Mechanically, for a pipe to be a dry return it MUST be isolated from steam and steam pressure, almost always by a trap although sometimes the isolation can be done thermodynamically with a radiator or radiators and orifices. A dry return will be at atmospheric pressure (may even be actually open to the atmosphere somewhere!). Under normal operating conditions it will never see steam.

    If they really were dry returns, @Steamhead 's concern about height would be quite valid -- and, from the picture, the vents would be much too low -- but since those pipes are under steam pressure, the same as the boiler, the water in them will stand at the boiler water level and they are fine where they are.
    Br. Jamie, osb
    Building superintendent/caretaker, 7200 sq. ft. historic house museum with dependencies in New England
  • Steamhead
    Steamhead Member Posts: 15,516

    If they really were dry returns, @Steamhead 's concern about height would be quite valid -- and, from the picture, the vents would be much too low -- but since those pipes are under steam pressure, the same as the boiler, the water in them will stand at the boiler water level and they are fine where they are.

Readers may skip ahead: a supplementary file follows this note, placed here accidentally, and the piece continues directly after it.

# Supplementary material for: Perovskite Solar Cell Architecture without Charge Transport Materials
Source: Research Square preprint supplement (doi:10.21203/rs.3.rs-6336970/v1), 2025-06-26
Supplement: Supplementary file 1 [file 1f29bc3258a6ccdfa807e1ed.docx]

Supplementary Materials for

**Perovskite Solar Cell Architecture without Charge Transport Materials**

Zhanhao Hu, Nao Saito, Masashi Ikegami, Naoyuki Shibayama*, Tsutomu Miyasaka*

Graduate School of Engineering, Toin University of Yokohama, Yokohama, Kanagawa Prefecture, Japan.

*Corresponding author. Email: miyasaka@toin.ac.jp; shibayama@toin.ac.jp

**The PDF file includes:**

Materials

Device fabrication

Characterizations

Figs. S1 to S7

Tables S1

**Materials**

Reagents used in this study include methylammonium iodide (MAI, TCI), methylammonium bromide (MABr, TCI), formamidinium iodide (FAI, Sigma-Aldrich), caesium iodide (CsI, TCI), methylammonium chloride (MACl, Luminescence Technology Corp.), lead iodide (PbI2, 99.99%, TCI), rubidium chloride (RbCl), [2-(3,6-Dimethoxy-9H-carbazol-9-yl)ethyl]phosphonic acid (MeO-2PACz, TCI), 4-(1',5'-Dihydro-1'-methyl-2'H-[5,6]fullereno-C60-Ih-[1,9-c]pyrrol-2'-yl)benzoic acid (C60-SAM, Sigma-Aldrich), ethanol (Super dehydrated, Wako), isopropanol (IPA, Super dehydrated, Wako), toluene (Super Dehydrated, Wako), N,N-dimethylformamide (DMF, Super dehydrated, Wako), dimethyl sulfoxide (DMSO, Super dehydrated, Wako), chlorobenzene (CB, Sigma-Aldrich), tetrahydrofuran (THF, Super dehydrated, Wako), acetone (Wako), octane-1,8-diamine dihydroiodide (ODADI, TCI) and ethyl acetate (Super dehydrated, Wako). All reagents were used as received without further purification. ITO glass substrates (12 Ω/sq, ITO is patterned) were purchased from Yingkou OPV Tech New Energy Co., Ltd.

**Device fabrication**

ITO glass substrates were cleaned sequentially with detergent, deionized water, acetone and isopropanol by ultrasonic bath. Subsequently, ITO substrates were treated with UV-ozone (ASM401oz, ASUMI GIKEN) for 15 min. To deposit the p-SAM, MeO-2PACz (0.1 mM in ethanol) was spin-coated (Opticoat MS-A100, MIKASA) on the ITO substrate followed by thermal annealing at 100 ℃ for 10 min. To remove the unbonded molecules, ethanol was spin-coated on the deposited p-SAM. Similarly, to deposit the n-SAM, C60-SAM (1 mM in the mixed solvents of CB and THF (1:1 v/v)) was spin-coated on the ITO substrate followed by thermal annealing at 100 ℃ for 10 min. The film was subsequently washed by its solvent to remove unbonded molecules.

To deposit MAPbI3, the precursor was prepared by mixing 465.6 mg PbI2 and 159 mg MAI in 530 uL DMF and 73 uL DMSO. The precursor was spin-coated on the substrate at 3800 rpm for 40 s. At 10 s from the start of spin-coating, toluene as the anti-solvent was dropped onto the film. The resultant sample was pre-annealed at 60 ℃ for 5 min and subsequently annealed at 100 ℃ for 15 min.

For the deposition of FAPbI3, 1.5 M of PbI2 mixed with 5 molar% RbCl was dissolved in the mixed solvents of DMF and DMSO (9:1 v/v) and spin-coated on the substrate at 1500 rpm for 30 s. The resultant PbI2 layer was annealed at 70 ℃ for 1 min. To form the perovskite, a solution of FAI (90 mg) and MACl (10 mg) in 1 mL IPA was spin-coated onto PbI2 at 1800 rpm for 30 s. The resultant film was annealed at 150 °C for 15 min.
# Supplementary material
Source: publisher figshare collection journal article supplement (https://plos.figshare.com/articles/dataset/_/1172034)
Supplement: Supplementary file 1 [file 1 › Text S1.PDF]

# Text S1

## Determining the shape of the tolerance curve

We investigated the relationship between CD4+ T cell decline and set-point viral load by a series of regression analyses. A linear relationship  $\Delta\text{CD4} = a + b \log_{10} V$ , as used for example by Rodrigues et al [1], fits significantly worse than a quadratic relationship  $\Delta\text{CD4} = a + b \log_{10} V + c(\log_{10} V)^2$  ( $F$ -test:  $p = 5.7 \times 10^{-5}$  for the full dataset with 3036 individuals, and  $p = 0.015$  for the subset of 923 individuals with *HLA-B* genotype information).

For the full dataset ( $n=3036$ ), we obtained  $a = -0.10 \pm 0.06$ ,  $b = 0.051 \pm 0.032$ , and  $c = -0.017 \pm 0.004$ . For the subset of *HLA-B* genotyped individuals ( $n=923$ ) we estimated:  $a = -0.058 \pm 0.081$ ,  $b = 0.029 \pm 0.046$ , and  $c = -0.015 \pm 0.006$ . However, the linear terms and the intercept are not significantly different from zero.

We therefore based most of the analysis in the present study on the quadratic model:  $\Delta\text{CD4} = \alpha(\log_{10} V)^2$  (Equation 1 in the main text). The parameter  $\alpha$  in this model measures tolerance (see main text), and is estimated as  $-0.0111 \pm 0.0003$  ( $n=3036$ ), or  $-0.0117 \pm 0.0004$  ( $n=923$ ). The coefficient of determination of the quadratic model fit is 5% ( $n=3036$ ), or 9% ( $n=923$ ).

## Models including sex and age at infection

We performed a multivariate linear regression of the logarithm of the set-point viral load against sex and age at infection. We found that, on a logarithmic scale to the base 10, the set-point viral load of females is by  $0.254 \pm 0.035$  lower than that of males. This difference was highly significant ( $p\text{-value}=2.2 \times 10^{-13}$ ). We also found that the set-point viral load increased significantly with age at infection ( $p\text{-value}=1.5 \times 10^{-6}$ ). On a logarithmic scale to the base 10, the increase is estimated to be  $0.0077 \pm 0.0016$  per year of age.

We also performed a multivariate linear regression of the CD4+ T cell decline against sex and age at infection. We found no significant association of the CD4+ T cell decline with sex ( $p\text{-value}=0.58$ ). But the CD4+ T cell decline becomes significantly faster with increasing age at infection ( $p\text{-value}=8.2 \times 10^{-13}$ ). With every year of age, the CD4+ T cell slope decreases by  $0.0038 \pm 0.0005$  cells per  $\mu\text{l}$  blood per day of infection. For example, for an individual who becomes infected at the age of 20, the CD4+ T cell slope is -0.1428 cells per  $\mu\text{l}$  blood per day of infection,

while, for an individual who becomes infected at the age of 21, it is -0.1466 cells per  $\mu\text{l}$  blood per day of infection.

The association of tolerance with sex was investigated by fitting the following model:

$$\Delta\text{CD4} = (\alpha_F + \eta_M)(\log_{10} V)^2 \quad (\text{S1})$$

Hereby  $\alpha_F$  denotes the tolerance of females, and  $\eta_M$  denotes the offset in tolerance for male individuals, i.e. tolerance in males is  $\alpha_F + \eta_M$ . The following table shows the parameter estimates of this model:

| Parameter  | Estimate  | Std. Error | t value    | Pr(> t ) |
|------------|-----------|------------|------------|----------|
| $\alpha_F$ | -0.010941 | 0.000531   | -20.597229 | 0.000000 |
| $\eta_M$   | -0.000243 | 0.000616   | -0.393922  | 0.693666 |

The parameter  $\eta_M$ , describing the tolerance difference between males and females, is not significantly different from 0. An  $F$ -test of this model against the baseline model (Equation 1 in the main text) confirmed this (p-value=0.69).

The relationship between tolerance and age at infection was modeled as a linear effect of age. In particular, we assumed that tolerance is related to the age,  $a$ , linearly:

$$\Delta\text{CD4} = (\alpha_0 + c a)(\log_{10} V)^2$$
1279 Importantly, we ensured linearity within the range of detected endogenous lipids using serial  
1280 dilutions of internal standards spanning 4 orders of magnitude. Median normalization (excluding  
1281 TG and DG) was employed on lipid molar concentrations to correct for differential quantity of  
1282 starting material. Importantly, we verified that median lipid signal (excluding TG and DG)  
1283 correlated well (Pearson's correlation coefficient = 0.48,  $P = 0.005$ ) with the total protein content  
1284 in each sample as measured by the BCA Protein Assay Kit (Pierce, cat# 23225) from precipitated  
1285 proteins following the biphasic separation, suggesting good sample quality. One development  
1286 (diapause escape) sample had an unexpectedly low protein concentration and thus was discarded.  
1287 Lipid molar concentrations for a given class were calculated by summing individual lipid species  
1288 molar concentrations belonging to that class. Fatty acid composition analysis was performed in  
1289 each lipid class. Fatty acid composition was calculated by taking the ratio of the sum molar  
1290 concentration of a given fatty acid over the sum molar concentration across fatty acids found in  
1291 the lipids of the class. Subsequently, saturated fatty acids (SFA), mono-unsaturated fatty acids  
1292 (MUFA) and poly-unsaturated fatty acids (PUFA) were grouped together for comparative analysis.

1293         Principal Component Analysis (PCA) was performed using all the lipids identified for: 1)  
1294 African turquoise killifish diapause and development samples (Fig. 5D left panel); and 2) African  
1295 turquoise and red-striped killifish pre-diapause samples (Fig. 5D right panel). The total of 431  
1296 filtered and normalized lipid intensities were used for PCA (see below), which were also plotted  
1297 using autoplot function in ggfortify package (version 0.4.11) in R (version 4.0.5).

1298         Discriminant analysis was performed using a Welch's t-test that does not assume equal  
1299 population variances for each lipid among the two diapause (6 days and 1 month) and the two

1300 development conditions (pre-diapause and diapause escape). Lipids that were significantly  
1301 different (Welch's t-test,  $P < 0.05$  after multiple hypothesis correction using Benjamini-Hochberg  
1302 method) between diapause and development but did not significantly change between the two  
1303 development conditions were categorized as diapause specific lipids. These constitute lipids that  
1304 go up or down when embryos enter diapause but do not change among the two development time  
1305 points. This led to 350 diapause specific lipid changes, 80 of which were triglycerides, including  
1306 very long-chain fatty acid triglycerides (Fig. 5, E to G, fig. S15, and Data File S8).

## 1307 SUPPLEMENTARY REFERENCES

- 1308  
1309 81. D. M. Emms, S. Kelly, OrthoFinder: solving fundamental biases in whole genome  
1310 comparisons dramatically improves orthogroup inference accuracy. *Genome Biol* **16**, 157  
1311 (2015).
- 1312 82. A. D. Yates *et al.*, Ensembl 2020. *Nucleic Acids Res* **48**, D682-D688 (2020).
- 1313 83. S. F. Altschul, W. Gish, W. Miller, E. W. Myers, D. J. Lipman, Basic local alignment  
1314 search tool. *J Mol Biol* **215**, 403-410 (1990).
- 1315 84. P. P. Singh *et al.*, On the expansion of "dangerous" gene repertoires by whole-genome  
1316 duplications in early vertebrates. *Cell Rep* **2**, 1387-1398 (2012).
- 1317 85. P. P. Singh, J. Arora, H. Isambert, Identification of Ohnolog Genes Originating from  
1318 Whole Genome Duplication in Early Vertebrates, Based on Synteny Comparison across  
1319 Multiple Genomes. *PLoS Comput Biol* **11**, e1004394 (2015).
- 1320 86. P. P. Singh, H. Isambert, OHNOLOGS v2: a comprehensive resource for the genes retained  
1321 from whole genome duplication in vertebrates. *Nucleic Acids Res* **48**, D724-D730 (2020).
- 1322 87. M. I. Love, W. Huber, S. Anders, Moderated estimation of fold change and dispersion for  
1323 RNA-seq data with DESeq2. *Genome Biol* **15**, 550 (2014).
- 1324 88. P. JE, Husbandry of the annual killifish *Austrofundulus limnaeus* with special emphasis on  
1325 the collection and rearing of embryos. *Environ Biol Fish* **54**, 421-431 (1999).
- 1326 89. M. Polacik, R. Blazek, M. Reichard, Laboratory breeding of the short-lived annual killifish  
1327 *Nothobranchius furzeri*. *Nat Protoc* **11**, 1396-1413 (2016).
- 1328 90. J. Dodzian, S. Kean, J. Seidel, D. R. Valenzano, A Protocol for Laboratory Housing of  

Unless there is not enough "A" dimension- which is why I asked about that measurement.
    All Steamed Up, Inc.
    Towson, MD, USA
    Steam, Vapor & Hot-Water Heating Specialists
    Oil & Gas Burner Service
    Consulting
  • neilc
    neilc Member Posts: 1,822
    so let's skin the cat the other way,
    what pressure does the boiler make ?
    keep it low and water won't climb up there,
    ounces, not psi's
    known to beat dead horses
  • merikus
    merikus Member Posts: 51
    @Jamie Hall Thank you for that insight, that's very helpful. Your point about a steam main extension makes a lot of sense. These pipes are indeed under pressure and so that's logical they would not be considered dry returns.

    This does return me to my question about vents at the end of the long main and the long extension closest to the last radiator. Heat on that side of the house is super slow. And that makes sense, one G2 is venting about 65 feet of pipe. Would it make sense to install Gorton #2s at the radiator end of the long run, and if so, should I install them on both the main and the extension, or just the main? In either case, would one be sufficient where I install them, or should I go for 2?